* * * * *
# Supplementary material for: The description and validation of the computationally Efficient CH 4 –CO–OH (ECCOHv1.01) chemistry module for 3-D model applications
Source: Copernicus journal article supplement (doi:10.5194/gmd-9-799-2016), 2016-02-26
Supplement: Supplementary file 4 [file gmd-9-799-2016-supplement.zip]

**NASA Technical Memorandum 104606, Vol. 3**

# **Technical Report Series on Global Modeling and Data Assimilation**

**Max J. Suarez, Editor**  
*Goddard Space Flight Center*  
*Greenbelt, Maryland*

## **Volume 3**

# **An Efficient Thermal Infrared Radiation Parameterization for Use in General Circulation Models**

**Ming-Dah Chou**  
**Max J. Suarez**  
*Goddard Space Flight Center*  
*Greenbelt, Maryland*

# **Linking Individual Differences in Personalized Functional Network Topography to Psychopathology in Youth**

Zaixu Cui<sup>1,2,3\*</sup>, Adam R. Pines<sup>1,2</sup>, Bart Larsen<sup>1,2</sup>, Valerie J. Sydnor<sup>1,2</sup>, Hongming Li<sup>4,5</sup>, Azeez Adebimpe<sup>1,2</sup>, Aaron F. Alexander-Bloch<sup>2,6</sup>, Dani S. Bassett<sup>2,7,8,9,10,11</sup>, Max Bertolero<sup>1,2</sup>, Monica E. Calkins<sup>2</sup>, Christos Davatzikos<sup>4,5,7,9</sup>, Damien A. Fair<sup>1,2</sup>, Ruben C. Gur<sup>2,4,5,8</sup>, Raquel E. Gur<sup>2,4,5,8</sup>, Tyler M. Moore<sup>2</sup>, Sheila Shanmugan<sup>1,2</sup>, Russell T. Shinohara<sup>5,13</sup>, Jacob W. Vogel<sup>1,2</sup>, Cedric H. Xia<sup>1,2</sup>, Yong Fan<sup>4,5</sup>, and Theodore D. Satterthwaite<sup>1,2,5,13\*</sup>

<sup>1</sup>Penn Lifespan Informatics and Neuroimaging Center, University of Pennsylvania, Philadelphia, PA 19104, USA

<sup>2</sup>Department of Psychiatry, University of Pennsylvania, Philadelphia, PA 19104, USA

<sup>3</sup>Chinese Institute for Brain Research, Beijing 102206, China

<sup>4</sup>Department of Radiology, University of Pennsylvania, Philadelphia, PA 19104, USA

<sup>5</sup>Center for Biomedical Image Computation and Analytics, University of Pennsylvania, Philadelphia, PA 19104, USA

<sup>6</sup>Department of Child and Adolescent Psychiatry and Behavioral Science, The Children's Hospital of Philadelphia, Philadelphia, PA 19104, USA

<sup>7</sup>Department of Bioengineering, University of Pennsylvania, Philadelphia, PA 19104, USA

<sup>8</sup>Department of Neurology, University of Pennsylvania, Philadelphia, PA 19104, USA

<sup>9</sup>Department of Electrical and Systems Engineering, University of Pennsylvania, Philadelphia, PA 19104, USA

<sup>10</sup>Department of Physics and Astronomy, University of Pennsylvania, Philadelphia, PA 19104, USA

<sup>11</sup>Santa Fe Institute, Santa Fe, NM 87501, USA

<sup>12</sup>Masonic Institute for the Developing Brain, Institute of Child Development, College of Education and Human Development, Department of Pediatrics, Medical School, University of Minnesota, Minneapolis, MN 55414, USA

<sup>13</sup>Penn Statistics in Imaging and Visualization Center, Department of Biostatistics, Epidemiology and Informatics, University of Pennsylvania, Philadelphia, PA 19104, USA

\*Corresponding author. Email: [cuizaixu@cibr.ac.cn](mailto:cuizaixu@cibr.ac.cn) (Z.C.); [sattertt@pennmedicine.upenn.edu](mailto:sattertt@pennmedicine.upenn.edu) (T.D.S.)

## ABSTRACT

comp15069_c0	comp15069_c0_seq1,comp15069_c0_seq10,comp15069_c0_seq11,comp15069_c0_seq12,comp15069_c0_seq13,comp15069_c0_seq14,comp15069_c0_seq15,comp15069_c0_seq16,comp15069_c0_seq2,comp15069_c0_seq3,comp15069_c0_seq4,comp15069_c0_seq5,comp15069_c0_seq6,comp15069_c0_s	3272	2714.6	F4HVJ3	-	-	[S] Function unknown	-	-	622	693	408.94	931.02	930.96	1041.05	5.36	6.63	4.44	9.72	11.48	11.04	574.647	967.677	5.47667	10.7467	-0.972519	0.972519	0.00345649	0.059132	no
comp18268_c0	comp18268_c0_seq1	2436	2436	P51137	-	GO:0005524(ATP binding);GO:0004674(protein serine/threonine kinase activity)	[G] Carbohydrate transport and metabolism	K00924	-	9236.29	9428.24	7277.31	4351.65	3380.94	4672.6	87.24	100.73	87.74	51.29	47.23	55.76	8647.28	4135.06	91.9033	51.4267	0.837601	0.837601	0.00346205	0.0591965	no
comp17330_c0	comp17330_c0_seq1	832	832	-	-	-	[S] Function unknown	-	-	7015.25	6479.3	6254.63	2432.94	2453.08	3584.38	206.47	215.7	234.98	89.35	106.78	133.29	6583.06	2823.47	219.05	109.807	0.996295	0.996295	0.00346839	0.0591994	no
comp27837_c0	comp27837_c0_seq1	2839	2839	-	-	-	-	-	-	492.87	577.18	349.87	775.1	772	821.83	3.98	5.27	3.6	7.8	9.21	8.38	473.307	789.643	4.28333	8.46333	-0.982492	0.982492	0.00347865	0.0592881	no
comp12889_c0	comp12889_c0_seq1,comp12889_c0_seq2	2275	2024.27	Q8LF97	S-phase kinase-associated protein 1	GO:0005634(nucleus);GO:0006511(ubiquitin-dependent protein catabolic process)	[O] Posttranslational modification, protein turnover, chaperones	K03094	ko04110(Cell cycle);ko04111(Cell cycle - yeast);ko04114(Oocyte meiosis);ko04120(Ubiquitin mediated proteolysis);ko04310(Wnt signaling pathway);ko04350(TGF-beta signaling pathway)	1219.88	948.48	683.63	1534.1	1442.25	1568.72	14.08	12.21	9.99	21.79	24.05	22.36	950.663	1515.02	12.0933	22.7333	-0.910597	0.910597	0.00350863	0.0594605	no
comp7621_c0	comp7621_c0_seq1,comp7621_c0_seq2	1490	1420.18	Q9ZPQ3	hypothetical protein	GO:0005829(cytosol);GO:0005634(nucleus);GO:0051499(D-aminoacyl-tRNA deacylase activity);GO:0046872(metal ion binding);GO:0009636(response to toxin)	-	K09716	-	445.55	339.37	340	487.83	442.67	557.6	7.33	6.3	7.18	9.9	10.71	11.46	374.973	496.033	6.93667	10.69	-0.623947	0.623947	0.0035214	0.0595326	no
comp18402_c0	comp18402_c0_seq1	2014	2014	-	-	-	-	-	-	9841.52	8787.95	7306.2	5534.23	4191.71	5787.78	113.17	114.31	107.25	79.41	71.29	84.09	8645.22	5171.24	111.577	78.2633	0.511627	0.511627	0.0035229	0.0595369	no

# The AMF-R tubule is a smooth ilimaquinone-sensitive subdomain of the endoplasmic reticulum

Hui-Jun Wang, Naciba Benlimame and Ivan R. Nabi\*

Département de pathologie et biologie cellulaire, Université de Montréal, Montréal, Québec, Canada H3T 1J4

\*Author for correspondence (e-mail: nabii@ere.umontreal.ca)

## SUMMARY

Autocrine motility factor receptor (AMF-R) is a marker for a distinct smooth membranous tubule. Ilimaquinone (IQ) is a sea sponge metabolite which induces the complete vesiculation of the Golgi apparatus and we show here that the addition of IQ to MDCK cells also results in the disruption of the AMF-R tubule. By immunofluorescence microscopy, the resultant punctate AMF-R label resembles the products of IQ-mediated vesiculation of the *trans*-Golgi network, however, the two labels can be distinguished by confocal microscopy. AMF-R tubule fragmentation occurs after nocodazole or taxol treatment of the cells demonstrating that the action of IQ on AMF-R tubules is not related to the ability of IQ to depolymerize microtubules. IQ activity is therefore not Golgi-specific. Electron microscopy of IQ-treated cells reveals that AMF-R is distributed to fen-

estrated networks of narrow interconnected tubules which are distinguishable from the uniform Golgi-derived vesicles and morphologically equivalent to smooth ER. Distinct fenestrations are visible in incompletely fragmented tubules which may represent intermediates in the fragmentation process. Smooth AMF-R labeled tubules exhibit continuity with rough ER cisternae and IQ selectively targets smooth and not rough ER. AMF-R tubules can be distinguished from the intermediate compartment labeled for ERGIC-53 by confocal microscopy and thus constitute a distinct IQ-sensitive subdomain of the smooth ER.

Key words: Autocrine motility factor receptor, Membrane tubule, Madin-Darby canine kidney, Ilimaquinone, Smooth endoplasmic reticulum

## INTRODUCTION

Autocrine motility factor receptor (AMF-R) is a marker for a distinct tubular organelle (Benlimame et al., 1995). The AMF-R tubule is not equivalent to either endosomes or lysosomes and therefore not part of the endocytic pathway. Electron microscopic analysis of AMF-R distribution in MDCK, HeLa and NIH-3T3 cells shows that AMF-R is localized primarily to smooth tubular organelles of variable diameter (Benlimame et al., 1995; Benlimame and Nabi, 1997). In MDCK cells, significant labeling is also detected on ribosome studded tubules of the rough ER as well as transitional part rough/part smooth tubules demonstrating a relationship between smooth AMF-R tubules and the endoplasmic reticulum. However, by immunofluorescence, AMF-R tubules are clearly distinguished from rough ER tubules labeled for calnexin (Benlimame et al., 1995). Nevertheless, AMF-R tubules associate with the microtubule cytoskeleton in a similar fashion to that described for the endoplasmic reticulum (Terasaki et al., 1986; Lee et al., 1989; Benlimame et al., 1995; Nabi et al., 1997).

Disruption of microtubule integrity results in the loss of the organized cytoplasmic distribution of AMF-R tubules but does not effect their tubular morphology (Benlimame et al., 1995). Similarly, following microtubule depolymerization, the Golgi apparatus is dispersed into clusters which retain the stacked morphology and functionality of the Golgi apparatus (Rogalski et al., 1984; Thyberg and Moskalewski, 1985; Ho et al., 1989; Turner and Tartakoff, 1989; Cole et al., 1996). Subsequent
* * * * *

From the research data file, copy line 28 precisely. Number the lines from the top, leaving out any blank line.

<sup>12</sup>Masonic Institute for the Developing Brain, Institute of Child Development, College of Education and Human Development, Department of Pediatrics, Medical School, University of Minnesota, Minneapolis, MN 55414, USA